Definitions

from Wiktionary, Creative Commons Attribution/Share-Alike License

  • proper n. An extinct Indo-European language belonging to Anatolian branch, attested in cuneiform tablets in Bronze Age Hattusa.
  • adj. of or pertaining to Palaic language or its speakers

Etymologies

from Wiktionary, Creative Commons Attribution/Share-Alike License

From Pala (“a region in Anatolia northwest of Hattusa”) +‎ -ic.

Examples

  • I mean, it's not like it adds much new interpretation to the dataset; like he says 'wobei das Suffix noch unklar ist', but given the weird association of Palaic with the Hattic Ritual texts (as far as we're able to tell, anyway), that might have something to help your argument there if you want some sociolinguistic reason (e.g. some possible cult connection).

    Missing honey

  • There are no certain examples for */ye-/ in Palaic and Lydian, so attribution of this change to PA must remain tentative.

    Archive 2010-02-01

  • There also occurs in Palaic a certain malitannaš to which Carruba remarks in the lexicon portion of his Das Palaische: Texte, Grammatik, Lexikon 1970:63:

    Missing honey

  • The book goes on to mention that Hittite, Luwian, Palaic and Hurrian all show the same overall typological constraints.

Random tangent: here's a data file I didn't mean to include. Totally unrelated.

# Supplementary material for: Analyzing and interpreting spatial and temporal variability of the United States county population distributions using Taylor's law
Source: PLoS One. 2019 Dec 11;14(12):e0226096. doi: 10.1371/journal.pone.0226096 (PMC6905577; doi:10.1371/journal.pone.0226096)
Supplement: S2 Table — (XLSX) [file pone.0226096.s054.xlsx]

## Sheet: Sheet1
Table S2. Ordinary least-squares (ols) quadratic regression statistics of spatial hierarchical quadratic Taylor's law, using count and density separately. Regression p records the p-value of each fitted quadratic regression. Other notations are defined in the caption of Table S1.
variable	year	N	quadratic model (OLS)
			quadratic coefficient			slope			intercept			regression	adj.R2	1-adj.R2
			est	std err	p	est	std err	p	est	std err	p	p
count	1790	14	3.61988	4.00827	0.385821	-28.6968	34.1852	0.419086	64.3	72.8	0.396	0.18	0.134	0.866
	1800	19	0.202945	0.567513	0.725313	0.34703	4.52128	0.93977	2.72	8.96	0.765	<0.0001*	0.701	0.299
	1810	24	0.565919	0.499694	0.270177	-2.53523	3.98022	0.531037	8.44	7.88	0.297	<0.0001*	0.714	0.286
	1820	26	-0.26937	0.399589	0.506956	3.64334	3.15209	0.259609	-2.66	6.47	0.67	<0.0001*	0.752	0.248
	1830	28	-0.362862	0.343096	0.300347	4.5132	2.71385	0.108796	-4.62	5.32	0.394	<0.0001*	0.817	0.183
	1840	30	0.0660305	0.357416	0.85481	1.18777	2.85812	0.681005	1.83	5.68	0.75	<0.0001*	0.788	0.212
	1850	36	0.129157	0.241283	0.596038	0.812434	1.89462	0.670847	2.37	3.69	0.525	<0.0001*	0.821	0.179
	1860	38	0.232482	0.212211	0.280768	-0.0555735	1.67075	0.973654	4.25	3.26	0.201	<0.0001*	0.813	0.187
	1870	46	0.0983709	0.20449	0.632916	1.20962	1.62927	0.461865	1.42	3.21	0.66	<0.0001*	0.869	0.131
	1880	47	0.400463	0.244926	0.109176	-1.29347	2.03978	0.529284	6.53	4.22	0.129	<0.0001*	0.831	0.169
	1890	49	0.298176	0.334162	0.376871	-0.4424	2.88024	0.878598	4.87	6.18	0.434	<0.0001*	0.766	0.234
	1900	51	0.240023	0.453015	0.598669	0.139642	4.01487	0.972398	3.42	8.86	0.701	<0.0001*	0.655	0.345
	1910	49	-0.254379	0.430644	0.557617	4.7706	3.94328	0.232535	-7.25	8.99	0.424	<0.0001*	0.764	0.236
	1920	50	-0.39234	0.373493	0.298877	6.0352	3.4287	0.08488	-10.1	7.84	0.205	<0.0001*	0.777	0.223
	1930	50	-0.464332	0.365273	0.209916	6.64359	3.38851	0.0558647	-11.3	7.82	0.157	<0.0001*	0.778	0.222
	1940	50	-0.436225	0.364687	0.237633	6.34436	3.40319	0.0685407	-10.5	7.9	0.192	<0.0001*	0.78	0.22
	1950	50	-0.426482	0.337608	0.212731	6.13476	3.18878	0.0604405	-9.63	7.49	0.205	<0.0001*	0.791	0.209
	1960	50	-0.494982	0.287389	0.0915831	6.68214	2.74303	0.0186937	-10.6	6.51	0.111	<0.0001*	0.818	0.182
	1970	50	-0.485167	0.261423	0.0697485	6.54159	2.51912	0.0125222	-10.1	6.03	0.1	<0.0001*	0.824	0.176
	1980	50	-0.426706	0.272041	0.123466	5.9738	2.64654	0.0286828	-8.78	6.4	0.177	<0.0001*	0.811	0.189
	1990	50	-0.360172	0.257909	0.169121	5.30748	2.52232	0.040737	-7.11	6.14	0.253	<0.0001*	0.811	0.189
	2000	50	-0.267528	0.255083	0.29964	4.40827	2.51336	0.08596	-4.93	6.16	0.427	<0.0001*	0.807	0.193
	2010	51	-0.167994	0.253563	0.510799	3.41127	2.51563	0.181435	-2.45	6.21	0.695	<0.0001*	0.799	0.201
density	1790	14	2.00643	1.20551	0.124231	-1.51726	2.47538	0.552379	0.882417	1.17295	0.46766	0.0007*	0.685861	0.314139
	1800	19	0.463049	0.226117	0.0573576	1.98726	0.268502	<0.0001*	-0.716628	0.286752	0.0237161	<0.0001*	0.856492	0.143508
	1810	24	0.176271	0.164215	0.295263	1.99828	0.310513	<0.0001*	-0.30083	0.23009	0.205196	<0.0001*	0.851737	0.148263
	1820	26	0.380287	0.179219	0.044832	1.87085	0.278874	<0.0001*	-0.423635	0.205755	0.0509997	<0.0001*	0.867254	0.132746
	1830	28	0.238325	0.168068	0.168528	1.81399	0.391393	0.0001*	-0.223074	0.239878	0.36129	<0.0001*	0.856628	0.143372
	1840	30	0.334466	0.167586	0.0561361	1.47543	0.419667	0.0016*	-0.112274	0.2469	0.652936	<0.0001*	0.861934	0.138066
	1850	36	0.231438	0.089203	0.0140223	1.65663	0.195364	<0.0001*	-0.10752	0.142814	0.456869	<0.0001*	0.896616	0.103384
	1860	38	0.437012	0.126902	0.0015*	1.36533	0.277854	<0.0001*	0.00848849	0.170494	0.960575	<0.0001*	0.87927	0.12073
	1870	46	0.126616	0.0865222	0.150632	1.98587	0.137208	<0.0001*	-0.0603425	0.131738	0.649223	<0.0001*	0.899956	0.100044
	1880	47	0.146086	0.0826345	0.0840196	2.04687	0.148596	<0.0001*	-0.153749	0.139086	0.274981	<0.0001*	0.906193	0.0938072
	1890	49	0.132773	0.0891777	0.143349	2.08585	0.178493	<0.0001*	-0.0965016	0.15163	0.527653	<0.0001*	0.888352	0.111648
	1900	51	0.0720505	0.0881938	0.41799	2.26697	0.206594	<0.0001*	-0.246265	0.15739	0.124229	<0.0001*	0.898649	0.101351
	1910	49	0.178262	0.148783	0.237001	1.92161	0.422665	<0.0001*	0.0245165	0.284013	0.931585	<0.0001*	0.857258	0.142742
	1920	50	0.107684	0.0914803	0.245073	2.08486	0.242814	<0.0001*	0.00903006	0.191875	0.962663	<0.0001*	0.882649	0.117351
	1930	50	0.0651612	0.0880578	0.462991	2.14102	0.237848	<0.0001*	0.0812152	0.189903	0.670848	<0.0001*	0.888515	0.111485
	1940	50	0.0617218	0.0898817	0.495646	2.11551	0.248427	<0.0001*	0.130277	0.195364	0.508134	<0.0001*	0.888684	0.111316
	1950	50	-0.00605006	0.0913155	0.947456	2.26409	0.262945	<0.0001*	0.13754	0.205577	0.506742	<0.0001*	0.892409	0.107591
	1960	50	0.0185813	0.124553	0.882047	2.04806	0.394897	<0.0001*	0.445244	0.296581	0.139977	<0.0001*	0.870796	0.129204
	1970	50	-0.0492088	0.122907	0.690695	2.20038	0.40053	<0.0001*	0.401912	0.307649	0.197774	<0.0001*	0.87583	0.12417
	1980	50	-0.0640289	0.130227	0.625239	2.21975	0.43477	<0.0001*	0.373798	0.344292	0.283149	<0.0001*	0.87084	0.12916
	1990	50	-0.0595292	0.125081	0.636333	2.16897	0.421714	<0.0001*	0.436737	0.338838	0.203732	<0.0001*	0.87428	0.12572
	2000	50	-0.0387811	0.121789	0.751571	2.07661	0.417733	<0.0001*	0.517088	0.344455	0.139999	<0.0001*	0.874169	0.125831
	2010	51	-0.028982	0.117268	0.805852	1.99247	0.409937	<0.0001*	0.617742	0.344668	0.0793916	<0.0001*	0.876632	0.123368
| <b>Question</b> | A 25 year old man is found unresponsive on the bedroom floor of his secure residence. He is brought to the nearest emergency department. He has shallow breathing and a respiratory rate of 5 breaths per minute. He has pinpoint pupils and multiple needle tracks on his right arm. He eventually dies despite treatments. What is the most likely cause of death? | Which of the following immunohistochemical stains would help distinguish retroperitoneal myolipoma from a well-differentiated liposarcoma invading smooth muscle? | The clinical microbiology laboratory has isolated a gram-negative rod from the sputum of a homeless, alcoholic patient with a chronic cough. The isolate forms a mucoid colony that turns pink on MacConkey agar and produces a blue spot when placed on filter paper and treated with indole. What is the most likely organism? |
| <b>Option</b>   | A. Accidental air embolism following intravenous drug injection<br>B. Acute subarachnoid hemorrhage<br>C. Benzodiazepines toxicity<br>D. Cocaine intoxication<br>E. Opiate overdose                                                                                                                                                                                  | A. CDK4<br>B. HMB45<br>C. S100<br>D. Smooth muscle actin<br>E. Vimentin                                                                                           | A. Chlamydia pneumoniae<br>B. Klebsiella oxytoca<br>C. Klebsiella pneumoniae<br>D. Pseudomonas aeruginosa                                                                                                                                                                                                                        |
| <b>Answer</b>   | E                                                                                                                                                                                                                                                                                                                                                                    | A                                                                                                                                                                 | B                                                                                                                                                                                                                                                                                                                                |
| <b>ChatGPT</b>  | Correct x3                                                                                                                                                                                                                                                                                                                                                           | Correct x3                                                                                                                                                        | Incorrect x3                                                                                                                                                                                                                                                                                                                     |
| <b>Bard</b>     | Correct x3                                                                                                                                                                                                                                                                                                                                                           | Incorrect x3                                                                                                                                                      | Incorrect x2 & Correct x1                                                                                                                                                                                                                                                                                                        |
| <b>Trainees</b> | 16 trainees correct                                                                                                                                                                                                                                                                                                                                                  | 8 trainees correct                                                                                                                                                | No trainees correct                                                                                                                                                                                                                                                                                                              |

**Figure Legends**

Bronze Age Areal influence in Anatolia and Etruscan

  • With the discovery of Hittite and other languages such as Luwian, Lycian, Lydian and Palaic, it was shown that h2 and h3 didn't entirely disappear in all IE languages, remaining "h" in this Anatolian branch of the family.

    Archive 2007-03-01

  • Palaic Indo-European language of northern Anatolia, possibly language of Troy.

    The Trojan War

  • Luwian survived the Bronze Age, and we have Luwian inscriptions as late as the 200s A.D. Another related Bronze Age Anatolian language is Palaic, spoken in northwestern Anatolia.

    The Trojan War

  • 1 Münchener Studien zur Sprachwissenschaft, Issue 62 (2006) (see link): However, the lack of any sure reflexes of */ie-/ in either Palaic or Lydian precludes the possibility of certain CAnat. status for this conditioned yōd-loss.

    Aegean phonotactics against word-initial /j/

  • Troy’s language was probably either Luwian, the main tongue of southern and western Anatolia, or Palaic, the main language of the north.

    The Trojan War

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